Sunday, September 08, 2013

Can I have the version without backdoors and built-in defects?

Last week, The Washington Post reported that the NSA has gotten hardware and software vendors to implement backdoors and exploitable design defects in their products. In one case, the NSA learned that an unnamed country had placed an order with an unnamed U.S. vendor for networking hardware, and the vendor agreed to install NSA-designed backdoors in that hardware.

Despite the fact that the NSA has no business doing mass interceptions of Internet communications and phone calls that both originate and terminate in the U.S., I'm not terribly worried about the NSA using backdoors into my network hardware and software. However, the problem with backdoors and intentional design defects is that anyone that can find them can use them. By making its job of penetrating networks easier, the NSA has also made hackers' and foreign countries' jobs of penetrating those same networks easier. They've compromised everyone's data security. This is what's called an unintended consequence, but it's very real.

The NSA may very well have also compromised the U.S. Government's own security. Consider that compromised hardware and software may be in use at U.S. defense contractors, and that those "engineered defects" could be exploited by China, Russia and who knows who else. That's why it's so important that companies not give in to the NSA's demands to build backdoors and design defects into their hardware and software, and that the NSA not make the requests in the first place.

Wednesday, September 04, 2013

Samsung's Galaxy Gear Smartwatch: A placeholder for the real thing?

Yesterday, Samsung announced its thoroughly leaked Galaxy Gear smartwatch at simultaneous presentations in New York and Berlin. It immediately became the primary topic of conversation on cable business news channels. On Bloomberg TV, as an example, the split of analysts' and reporters' opinions about the Galaxy Gear was, by my count, about 25% positive and 75% negative. I've come down on the negative side as well, because at the end of the day, the market for a device with all of its limitations seems very small:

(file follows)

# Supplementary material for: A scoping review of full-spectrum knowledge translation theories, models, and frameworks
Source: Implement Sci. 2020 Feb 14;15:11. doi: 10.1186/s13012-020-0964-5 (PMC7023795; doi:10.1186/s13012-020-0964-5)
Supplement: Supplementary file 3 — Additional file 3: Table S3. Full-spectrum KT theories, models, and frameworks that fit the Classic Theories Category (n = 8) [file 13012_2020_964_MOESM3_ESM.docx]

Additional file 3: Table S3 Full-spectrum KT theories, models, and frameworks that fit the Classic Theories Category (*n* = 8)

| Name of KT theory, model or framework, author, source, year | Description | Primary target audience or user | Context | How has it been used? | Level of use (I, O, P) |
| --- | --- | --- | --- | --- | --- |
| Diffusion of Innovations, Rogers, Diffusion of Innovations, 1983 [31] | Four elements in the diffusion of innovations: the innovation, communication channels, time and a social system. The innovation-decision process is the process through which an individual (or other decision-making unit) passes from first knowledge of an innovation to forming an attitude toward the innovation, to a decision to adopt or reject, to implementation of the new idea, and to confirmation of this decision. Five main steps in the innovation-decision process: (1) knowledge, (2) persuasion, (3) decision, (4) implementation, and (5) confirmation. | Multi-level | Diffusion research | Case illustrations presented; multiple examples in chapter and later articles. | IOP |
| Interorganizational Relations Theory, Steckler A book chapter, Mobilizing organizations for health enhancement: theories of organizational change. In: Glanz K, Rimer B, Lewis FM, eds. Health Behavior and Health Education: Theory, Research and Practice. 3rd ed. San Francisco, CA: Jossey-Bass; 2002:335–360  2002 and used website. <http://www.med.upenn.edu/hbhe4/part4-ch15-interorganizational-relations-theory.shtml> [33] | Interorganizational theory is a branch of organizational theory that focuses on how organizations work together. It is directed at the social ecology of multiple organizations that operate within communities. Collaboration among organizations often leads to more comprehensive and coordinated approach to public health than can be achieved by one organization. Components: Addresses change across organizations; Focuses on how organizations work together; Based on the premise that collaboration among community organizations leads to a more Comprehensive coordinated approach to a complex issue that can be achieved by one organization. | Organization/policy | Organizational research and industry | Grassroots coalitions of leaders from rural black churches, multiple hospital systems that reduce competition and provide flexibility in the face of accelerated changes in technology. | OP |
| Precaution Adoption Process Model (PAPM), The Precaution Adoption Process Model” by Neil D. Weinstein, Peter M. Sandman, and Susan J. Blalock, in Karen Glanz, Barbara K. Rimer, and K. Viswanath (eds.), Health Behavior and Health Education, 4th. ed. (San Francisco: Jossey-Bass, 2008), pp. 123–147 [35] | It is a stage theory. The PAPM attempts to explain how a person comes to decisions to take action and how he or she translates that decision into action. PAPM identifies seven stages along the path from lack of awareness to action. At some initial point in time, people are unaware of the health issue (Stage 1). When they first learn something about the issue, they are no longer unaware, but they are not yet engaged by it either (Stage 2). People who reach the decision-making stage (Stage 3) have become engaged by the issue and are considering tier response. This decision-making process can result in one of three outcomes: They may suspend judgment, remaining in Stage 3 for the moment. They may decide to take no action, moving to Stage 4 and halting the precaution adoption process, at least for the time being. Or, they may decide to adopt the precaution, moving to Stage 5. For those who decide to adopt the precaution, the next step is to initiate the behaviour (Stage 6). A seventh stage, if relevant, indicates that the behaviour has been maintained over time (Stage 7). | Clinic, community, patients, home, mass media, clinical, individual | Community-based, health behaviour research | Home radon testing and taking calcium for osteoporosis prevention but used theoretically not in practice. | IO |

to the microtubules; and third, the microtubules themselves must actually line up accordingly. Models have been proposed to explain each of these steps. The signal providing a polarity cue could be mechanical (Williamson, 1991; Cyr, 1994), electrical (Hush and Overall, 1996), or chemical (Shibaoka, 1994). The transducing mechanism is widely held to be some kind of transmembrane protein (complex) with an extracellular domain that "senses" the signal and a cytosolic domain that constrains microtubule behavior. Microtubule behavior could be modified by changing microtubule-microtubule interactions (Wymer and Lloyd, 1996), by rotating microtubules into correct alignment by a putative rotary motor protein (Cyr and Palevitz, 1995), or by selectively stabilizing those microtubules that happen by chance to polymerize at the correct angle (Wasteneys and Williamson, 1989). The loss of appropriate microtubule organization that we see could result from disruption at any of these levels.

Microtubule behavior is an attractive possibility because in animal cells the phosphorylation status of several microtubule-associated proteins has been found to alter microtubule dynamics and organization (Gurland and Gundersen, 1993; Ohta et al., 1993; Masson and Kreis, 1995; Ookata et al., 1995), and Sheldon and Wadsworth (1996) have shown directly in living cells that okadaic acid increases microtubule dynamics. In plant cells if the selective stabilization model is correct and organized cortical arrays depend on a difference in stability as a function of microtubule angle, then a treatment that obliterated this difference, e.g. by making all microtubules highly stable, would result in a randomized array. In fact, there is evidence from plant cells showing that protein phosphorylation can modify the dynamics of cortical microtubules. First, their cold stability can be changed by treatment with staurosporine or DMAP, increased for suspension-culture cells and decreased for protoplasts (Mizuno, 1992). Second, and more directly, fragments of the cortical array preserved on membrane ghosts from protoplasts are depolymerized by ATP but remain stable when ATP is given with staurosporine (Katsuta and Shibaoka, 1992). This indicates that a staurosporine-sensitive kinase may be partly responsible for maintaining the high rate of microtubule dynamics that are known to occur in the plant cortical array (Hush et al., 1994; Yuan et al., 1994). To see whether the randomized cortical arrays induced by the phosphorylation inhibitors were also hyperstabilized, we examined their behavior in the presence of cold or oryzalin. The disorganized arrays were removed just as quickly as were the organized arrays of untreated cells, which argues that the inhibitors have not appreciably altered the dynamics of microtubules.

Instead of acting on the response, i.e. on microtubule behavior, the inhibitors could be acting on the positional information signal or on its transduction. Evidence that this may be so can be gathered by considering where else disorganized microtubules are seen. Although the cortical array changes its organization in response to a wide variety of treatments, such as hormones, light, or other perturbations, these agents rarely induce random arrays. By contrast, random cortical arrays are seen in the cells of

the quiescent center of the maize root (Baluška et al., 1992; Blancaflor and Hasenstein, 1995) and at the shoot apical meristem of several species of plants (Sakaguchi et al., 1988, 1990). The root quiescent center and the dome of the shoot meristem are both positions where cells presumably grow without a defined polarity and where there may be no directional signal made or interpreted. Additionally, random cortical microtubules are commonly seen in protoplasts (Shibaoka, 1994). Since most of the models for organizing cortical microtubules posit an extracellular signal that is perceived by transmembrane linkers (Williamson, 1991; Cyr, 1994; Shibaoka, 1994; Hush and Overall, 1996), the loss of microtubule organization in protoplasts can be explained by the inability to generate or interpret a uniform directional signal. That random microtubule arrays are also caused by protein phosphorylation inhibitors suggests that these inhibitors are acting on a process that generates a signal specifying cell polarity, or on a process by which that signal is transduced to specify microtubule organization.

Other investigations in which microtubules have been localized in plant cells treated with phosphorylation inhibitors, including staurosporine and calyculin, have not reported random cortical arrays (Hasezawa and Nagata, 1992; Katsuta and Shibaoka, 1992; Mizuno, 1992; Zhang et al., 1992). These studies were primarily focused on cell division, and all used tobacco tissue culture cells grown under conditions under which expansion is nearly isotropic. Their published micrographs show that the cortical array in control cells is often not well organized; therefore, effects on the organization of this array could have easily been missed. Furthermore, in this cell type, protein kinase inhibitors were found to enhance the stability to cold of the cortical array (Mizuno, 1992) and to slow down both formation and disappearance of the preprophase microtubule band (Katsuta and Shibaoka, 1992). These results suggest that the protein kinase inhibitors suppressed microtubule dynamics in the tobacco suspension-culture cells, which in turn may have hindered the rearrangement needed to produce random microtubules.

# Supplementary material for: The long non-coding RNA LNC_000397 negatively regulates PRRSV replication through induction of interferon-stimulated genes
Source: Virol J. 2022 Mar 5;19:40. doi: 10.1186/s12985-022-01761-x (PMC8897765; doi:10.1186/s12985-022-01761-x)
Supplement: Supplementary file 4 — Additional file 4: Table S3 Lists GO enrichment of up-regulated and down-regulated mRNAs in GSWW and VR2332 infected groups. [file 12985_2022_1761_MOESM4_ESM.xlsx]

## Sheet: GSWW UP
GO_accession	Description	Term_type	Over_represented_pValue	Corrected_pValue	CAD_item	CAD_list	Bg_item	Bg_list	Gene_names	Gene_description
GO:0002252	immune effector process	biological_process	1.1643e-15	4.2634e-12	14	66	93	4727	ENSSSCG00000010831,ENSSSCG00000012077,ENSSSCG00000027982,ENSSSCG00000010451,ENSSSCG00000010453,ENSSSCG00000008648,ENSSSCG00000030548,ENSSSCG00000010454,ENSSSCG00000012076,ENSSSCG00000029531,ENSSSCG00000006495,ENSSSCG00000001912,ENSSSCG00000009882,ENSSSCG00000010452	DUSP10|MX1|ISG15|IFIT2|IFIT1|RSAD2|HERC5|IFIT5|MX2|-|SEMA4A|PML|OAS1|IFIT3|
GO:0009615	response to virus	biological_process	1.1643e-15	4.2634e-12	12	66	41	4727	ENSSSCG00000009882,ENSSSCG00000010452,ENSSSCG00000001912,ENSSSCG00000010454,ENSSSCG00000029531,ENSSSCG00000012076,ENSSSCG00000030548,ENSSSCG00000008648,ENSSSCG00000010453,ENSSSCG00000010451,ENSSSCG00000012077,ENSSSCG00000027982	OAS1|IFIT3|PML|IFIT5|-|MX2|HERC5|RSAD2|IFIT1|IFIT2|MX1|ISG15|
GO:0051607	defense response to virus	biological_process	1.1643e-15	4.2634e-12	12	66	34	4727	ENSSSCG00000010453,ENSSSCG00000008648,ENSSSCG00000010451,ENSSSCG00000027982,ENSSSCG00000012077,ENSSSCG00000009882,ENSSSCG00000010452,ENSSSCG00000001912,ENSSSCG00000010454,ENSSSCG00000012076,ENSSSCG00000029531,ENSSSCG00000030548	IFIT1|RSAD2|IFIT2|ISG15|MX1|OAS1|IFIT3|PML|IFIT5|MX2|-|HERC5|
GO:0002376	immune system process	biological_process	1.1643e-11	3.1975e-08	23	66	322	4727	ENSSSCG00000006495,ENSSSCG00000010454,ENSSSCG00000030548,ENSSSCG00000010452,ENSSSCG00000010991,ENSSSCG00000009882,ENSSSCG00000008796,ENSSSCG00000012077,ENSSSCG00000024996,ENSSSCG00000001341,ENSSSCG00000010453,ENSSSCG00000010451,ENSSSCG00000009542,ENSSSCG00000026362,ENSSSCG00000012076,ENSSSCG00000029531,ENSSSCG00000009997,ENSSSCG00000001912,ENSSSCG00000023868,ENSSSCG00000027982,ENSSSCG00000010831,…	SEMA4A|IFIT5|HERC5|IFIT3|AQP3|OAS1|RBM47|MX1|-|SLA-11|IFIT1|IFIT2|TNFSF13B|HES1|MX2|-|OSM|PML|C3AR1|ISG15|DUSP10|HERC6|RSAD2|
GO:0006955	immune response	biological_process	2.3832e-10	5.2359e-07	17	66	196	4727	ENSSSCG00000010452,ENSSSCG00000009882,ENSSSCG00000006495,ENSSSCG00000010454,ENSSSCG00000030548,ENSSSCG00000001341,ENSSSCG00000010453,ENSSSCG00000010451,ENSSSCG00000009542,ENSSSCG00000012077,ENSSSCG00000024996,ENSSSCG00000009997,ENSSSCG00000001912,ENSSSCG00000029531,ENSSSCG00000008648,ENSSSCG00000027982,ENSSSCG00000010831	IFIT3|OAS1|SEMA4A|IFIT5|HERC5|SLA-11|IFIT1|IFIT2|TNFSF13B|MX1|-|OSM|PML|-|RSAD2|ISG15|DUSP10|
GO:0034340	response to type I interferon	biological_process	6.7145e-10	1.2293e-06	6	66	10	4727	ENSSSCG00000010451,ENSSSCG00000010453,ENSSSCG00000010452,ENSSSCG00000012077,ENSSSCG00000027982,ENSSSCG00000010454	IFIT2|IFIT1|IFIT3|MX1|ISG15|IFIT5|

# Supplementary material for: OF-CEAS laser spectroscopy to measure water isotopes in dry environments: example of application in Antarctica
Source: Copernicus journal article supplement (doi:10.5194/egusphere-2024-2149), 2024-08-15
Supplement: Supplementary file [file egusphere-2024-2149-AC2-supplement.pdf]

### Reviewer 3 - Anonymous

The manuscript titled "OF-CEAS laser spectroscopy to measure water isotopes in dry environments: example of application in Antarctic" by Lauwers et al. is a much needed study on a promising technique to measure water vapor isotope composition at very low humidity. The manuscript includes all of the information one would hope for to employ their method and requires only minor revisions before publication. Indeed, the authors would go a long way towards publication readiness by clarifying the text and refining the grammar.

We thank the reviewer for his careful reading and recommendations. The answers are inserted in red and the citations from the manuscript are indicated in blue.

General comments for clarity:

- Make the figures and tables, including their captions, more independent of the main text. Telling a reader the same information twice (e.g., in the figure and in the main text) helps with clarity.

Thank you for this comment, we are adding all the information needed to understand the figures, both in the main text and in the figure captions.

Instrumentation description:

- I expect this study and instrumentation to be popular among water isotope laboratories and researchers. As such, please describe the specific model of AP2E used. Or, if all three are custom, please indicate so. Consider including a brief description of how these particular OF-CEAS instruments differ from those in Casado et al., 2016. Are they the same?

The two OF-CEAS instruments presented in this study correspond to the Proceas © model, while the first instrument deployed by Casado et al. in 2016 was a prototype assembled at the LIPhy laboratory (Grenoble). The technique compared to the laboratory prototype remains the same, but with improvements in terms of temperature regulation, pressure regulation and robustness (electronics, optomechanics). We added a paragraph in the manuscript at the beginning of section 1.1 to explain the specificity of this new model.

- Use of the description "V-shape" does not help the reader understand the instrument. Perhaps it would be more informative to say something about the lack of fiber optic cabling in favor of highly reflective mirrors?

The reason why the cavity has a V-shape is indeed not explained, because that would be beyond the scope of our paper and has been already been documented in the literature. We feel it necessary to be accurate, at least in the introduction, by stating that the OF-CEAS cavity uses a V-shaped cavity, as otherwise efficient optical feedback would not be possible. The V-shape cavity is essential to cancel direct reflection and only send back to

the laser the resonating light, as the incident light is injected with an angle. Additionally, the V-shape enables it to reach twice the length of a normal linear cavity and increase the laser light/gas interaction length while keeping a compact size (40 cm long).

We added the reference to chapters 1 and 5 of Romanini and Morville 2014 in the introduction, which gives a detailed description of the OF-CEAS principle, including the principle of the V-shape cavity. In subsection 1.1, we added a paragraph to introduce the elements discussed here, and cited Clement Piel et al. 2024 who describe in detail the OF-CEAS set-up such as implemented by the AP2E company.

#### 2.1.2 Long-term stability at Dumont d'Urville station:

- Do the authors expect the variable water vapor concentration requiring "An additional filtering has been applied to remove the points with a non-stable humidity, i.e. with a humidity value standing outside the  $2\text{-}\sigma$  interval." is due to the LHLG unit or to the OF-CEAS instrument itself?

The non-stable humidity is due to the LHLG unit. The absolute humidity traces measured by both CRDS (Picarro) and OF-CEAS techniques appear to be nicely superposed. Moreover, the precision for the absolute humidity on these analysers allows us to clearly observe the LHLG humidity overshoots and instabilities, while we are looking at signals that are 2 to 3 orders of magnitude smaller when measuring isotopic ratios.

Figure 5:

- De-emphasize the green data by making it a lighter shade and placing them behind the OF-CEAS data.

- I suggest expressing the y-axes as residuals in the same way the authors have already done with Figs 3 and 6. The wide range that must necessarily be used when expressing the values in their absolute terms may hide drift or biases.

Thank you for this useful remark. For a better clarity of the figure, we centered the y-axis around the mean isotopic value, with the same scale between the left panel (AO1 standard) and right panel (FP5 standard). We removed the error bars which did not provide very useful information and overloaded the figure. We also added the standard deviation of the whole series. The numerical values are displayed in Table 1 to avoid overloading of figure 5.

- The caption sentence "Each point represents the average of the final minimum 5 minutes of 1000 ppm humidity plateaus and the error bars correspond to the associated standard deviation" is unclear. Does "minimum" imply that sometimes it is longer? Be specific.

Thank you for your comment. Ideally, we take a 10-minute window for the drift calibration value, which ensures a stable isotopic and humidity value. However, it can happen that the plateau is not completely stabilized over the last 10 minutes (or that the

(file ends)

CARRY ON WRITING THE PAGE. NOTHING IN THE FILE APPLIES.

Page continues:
• At its release on September 25th, the Galaxy Gear will work with only two devices, both of which are also being released the same day: The Galaxy Note 3 "phablet" and the updates Galaxy Tab 10.1 tablet, both of which run Android 4.3, which is apparently required for the Galaxy Gear to work. The Galaxy S4 smartphone will be updated with Android 4.3 some time in October, but if you own an earlier Samsung smartphone or tablet, or an Android device from any other vendor, you're out of luck. (Compare that to the Pebble smartwatch, which works with a variety of Android and iOS devices.)
  • The Galaxy Gear has to be recharged every day. That means taking the custom charger base with you whenever you go on a business trip. (Again, compare it to the Pebble, which runs for seven days on a full charge.) Your average quartz watch needs a new battery once a year or so.
  • The Galaxy Gear has a built-in 720p 640 x 640 camera, but it's built into the band. The camera's position is fine for taking pictures of other people, but you can't take a selfie without twisting your wrist into an unnatural position, which doesn't allow you to view the watch's screen and take the picture simultaneously.
  • As a Mashable editor pointed out on Bloomberg TV, the Galaxy Gear is too big for most women's wrists--which immediately eliminates more than 50% of the potential market.
  • Reviewers are criticizing the performance of the Galaxy Gear's user interface, which is most likely caused by the use of an 800 MHz processor in order to keep power consumption down. 
  • The Galaxy Gear is priced at $299 (U.S.). That's twice the price of the Pebble, and the same price as a high-end smartphone on a two-year contract from most carriers. How many people are likely to buy a smartwatch that adds very little functionality and is the same price as (or even more expensive than) their smartphone?
It's very likely that Samsung already knows that the Galaxy Gear has all these problems, but it's more important to get customer feedback on the first-generation model--and to get it out before Apple--than it is to get everything right. For now, the target market, consisting of obsessive-compulsive male contortionists who'll charge their Galaxy Gear every day, are prepared to buy a new smartphone or tablet in order to use it and don't care about performance or how much money they spend, seems awfully small.